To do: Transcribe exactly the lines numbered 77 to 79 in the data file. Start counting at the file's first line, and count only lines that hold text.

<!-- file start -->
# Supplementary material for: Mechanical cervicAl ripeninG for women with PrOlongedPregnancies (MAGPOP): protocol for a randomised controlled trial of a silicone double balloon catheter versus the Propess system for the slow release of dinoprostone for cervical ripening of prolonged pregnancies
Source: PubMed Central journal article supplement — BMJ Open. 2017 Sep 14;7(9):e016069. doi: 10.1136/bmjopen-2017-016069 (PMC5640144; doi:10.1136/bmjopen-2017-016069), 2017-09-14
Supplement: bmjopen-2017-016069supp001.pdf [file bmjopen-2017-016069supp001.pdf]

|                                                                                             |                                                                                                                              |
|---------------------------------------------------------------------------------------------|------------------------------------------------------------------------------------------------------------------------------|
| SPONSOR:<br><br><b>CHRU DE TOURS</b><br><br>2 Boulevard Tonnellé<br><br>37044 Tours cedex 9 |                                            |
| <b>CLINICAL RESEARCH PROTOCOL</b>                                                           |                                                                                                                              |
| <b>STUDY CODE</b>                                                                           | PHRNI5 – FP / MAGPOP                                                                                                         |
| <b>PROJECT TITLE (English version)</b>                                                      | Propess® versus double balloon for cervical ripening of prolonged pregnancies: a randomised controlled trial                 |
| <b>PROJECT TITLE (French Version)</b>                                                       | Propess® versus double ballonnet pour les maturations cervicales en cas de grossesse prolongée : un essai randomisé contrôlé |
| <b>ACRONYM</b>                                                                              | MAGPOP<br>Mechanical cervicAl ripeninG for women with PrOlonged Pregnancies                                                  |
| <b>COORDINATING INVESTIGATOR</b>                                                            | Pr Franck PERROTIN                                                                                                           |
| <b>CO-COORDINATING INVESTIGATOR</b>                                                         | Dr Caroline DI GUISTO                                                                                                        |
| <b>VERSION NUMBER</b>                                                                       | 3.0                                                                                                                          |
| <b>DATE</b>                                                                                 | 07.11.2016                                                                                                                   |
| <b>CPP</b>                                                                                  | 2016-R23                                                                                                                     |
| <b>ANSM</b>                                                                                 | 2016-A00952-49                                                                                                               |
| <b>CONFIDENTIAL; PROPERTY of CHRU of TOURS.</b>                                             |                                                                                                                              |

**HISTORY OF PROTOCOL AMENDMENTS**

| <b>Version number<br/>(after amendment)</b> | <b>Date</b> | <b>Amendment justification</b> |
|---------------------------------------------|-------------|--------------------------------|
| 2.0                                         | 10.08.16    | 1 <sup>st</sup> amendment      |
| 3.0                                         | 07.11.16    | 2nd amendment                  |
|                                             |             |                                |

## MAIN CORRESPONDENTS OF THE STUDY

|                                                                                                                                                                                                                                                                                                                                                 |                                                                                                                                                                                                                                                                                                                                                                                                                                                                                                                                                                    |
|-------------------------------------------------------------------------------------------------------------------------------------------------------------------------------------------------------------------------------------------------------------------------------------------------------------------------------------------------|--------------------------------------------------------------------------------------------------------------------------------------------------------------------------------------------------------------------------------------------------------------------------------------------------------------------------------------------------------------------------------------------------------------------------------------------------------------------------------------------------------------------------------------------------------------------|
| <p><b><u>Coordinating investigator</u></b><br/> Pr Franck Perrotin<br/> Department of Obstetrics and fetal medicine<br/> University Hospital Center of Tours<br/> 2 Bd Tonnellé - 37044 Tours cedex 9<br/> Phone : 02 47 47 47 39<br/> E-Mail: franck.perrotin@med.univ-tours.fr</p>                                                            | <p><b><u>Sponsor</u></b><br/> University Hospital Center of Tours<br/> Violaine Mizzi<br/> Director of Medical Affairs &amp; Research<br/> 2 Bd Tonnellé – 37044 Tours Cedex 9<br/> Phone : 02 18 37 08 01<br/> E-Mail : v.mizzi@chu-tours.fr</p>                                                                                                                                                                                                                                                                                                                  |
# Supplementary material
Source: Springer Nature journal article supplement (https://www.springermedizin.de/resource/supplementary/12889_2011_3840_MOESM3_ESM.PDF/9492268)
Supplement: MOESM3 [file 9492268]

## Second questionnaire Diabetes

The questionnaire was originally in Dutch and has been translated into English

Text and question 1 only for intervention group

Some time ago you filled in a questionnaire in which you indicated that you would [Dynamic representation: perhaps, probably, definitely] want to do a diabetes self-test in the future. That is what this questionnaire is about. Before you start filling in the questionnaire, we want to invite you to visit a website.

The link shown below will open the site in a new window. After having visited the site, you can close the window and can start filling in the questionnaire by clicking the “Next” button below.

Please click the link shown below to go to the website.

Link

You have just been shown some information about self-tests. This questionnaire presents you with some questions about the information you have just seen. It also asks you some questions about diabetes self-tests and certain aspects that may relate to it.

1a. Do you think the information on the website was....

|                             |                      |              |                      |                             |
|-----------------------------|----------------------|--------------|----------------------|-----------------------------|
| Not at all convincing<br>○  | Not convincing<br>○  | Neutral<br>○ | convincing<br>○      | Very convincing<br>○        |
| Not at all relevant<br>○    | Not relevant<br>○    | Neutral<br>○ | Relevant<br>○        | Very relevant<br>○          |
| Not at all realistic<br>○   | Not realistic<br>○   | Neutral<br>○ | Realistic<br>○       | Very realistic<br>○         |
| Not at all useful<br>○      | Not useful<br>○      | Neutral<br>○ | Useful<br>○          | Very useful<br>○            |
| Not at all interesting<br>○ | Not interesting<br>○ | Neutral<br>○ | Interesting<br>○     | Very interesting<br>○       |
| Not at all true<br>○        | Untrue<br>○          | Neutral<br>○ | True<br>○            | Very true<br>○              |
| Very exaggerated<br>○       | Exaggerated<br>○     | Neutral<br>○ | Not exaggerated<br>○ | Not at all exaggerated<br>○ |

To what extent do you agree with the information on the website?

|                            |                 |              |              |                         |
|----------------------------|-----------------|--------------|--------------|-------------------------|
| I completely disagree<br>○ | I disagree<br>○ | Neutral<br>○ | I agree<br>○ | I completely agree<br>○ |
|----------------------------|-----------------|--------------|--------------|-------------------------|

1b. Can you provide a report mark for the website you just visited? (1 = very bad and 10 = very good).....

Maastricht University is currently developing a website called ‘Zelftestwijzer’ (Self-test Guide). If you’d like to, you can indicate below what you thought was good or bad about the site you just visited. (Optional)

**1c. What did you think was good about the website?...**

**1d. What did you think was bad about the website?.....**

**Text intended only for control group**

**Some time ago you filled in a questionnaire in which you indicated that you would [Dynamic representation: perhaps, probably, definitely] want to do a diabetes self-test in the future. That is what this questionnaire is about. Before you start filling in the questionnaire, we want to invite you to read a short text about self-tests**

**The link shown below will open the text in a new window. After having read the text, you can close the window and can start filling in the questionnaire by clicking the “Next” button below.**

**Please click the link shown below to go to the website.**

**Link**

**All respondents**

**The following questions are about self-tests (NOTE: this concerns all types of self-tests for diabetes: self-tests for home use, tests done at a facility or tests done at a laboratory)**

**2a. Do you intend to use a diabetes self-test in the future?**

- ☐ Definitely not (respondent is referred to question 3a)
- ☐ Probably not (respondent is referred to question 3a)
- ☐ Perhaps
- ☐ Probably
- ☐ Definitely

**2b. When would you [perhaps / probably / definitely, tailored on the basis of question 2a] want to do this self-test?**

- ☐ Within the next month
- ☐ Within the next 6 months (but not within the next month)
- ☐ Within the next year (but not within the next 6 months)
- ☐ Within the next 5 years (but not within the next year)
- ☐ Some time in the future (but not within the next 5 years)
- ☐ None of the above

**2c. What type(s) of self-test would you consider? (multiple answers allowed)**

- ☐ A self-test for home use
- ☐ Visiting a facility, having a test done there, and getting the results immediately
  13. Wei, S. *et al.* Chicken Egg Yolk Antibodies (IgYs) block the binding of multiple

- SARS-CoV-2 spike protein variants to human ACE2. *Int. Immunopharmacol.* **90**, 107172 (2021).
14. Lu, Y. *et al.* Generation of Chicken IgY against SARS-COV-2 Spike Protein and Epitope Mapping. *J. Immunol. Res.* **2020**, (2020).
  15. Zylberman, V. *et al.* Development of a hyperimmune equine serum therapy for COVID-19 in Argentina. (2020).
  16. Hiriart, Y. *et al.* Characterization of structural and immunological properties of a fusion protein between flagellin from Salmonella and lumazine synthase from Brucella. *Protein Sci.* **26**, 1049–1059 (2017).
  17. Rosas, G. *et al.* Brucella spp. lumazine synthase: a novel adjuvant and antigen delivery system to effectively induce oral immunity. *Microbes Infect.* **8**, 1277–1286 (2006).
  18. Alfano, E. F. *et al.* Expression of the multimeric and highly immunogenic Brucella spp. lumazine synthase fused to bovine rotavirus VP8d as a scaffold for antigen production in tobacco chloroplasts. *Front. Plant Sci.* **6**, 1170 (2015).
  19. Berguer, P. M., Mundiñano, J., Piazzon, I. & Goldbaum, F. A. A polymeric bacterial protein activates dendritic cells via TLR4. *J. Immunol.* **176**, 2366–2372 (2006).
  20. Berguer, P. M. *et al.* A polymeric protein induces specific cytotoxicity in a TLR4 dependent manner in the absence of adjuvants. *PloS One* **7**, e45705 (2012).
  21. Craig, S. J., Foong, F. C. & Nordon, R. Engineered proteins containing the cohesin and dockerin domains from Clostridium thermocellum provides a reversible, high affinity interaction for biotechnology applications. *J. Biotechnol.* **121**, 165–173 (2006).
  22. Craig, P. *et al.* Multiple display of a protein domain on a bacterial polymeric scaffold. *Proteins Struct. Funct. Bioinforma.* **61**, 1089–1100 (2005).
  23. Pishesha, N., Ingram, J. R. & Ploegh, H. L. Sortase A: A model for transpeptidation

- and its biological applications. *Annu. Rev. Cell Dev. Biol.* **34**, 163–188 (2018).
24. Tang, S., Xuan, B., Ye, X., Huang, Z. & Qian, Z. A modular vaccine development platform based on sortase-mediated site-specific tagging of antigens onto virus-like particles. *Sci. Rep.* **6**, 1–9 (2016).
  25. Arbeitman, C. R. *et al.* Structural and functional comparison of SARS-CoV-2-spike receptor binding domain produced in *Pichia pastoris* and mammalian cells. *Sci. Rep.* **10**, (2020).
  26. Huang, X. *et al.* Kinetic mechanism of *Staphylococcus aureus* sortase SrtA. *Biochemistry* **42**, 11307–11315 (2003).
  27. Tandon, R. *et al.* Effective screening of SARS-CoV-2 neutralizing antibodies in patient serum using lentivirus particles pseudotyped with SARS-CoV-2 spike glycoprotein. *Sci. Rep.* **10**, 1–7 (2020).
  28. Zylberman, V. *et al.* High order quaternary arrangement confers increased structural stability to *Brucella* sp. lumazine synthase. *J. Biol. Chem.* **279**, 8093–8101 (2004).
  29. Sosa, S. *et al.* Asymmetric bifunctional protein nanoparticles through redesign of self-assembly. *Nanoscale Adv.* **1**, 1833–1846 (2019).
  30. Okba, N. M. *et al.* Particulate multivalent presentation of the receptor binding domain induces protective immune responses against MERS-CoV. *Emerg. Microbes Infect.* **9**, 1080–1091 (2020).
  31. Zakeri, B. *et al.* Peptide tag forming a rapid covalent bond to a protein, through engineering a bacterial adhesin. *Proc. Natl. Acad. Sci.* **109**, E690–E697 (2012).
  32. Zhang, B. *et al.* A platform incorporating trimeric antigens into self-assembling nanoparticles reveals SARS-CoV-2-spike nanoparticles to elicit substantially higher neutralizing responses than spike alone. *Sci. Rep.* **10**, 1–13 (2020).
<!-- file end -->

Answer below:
- ☐ Some time in the future (but not within the next 5 years)
- ☐ None of the above

**2c. What type(s) of self-test would you consider? (multiple answers allowed)**